The tomato-based Sirco drink launched in UK supermarkets Tesco, Waitrose and Sainsbury's in January 2006. Although Sainsbury's subsequently withdrew it as part of a reorganisation of its chilled drinks range, sales for the first three months were £140,000 (c €205,000).
"Sirco has been strategically important to Provexis as a demonstrable example of the Fruitflow technology in action, and there is little doubt that the launch of the brand in the UK has facilitated global licensing discussions with major food and beverage companies," said company chairman Dawson Buck.
For now, Provexis is not revealing details about the negotiations, some of which are said to be at an advanced stage. But since it has been granted a US patent for Fruitflow, it is likely that that market will figure in future commercialisation plans.
Provexis' Fruitflow technology was developed out of the discovery that the clear fraction of tomatoes contains compounds that inhibit blood platelet aggregation, thereby smoothing blood flow and helping to maintain healthy circulation and heart. The Sirco drink is endorsed by the charity Heart UK.
The peer-reviewed American Journal of Clinical Nutrition has also recently accepted two studies on Sirco for publication, which should provide further leverage for product sales and licensing.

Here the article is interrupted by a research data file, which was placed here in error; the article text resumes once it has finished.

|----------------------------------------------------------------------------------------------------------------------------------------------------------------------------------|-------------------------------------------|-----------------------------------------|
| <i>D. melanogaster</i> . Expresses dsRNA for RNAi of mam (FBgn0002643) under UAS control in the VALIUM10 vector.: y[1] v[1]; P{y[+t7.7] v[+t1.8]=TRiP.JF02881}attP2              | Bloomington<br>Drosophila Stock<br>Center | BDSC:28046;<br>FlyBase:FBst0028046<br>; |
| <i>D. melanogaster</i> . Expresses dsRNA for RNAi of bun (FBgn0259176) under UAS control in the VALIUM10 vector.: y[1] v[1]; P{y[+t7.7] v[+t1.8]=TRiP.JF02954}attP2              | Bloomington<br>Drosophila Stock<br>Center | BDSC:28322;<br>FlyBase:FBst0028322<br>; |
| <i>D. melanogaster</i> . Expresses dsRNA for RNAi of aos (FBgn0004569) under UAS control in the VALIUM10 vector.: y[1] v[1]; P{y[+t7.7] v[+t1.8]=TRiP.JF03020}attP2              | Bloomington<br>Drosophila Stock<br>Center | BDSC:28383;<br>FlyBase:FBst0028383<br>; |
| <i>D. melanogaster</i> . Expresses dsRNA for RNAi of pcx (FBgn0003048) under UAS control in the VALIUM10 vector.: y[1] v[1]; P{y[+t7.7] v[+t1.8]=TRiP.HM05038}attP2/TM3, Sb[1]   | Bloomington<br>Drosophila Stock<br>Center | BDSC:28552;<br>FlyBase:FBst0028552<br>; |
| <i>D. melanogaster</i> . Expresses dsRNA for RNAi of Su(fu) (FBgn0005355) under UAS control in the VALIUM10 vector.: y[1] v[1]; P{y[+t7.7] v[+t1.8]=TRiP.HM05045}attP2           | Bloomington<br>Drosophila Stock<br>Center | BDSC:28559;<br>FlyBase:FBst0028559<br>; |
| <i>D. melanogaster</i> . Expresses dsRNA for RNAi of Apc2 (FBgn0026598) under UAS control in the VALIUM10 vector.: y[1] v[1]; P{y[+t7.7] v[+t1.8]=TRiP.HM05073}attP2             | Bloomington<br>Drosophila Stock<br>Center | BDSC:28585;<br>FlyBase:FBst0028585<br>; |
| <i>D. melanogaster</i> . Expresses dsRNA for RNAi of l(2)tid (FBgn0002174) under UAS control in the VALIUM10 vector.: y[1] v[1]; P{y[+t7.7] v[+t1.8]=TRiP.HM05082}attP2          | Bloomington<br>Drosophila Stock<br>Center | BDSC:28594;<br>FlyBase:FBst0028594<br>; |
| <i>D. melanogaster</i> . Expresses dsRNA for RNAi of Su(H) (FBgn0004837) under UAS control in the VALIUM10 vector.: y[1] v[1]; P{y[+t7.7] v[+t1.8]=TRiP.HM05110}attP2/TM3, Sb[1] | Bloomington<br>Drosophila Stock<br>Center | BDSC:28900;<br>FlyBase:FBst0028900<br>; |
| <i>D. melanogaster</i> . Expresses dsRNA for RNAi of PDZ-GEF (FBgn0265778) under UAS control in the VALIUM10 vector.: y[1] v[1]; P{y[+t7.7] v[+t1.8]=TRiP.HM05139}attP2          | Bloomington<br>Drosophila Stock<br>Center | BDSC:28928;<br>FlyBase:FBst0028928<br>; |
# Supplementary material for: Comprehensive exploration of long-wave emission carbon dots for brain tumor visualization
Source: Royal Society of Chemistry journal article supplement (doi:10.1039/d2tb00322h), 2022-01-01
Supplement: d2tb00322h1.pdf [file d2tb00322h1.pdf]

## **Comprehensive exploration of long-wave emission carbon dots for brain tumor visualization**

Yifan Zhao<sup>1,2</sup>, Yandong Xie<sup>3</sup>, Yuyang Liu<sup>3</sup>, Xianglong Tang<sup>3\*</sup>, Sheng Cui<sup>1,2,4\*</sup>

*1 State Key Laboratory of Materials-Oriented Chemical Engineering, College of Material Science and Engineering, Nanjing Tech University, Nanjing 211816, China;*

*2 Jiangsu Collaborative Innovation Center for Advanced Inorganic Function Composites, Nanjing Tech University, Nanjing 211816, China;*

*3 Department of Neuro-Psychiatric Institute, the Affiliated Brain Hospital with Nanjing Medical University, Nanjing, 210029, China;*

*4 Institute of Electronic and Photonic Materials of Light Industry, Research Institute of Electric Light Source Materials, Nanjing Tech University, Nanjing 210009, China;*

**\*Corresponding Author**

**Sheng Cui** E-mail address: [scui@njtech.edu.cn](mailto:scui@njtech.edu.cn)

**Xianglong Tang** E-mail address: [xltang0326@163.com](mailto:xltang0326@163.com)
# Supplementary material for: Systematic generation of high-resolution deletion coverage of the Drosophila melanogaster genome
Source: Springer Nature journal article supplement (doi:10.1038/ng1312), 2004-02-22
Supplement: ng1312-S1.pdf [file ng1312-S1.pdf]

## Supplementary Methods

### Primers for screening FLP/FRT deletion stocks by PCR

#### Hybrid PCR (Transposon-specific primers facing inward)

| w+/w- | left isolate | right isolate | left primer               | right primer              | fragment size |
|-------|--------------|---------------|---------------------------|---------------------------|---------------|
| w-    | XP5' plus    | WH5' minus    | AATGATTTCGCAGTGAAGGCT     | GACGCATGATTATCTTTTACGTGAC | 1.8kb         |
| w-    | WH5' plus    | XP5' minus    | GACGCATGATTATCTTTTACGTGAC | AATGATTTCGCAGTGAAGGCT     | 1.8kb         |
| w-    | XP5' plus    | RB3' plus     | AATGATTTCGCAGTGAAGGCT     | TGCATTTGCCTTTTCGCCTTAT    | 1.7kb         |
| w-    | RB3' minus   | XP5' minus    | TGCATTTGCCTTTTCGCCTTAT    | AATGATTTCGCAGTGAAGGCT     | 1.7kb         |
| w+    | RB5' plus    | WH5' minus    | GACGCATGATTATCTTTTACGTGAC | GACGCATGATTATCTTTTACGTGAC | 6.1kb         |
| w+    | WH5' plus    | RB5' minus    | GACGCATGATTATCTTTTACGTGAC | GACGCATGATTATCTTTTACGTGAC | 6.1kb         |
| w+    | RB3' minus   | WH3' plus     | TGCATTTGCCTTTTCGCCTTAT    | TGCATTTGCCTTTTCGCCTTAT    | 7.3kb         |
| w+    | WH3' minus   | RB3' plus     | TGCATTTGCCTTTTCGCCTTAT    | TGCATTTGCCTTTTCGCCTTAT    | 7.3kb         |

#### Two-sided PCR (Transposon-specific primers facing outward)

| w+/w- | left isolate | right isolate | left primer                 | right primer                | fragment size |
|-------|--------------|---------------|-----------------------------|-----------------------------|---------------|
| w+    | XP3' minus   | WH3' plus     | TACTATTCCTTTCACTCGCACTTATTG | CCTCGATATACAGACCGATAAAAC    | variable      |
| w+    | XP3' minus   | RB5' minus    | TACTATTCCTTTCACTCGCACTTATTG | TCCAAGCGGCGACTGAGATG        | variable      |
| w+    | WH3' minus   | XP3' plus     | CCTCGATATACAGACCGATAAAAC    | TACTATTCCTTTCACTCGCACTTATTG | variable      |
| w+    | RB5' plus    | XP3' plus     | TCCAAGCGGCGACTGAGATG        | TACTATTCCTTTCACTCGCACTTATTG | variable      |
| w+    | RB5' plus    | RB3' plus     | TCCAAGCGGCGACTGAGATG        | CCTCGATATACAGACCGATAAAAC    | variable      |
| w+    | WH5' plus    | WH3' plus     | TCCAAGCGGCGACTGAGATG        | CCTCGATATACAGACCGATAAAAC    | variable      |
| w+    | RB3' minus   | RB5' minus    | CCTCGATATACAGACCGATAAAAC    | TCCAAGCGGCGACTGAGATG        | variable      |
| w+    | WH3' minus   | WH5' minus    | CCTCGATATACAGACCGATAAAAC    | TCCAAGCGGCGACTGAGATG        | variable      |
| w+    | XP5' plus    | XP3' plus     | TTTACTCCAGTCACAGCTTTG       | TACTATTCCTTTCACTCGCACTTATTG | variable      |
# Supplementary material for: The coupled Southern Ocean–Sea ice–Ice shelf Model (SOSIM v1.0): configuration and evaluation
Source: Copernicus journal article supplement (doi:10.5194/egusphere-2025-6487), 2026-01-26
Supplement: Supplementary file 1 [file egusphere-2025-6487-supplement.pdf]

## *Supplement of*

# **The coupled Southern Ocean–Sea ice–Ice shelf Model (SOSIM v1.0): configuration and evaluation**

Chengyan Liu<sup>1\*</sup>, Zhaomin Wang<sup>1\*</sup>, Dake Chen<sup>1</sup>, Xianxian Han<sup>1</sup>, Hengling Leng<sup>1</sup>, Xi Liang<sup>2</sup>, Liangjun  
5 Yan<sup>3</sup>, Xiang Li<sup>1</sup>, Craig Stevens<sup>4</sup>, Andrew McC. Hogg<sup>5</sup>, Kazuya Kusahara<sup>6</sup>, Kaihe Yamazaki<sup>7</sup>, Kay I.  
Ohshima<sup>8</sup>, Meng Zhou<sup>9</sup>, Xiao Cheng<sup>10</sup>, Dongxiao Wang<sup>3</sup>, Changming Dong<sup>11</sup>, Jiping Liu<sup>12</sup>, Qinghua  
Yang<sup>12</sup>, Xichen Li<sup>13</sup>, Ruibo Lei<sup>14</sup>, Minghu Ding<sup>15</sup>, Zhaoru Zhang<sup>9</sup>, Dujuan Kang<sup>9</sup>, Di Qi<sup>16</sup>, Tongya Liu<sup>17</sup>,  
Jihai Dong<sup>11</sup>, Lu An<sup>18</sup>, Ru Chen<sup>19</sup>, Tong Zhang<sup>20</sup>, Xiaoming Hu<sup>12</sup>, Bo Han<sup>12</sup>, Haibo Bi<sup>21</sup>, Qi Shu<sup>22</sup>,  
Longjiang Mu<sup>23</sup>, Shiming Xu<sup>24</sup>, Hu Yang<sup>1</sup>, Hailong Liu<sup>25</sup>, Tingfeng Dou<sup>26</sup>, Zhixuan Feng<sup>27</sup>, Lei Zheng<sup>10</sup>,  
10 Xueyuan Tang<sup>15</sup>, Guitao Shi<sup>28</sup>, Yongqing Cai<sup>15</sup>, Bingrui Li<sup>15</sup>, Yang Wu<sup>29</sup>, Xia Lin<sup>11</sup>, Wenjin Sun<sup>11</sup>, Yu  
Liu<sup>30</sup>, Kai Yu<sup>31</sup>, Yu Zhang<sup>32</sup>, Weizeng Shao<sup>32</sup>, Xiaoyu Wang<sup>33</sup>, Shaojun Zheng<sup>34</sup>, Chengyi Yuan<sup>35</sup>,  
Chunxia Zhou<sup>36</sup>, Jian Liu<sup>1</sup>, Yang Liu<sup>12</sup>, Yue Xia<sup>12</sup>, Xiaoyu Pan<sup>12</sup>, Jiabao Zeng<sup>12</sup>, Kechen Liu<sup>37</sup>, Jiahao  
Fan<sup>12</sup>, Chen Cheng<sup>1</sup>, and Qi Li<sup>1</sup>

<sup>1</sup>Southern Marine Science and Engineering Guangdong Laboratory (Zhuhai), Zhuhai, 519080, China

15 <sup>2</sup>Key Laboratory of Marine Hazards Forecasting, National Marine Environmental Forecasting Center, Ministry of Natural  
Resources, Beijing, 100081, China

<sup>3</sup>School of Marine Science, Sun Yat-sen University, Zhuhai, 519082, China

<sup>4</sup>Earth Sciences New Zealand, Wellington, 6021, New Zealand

"This represents a major validation for the quality of the science behind Fruitflow," said CEO Stephen Franklin.
Sirco and Fruitflow are currently the driving force behind Provexis' business, and the indications that they may be instrumental in lifting the company into the black are promising.
For the full year ended March 31 2006, however, Provexis reported operating losses of £3.3m (€4.8m) for the year ended March 31 2006, compared to £1.1 (€1.6) for the previous year, and turnover decreased by 56 per cent to £268,000 (€392,000).
It put the drop down to the previous year's results being bolstered by a one-off fee paid by Nutrinnovator Holdings, with respect to its reverse take-over.
Provexis is not resting on its laurels with respect to other nutraceutical technologies, however.
It is on the verge of embarking on clinical trials with a medical food based on a patented extract from the plantain banana for the dietary management of Crohn's disease. The food is being developed in conjunction with the University of Liverpool, and Provexis is also collaborating with a global clinical nutrition company.
Northwest Development Agency recently granted the company a £180,000 research grant for Crohn's disease technology.
Work is also continuing on the development of a broccoli-derived bioactive ingredient associated with reducing the risk of certain types of cancer. Provexis is working closely with The Institute for Food Research on this project.
It is possible that it will follow the same commercialisation strategy for this as it has for Fruitflow.
"We are currently reviewing the relative merits of launching a new brand in the UK followed by a global licensing strategy, or alternatively moving straight to licensing arrangements," said Franklin.
As for the identification of other technologies to commercialise in the future, Provexis is half way through a three-year technology acquisition agreement with Plant Bioscience Ltd, which has a network of 35 research institutes that may yield further opportunities for functional foods.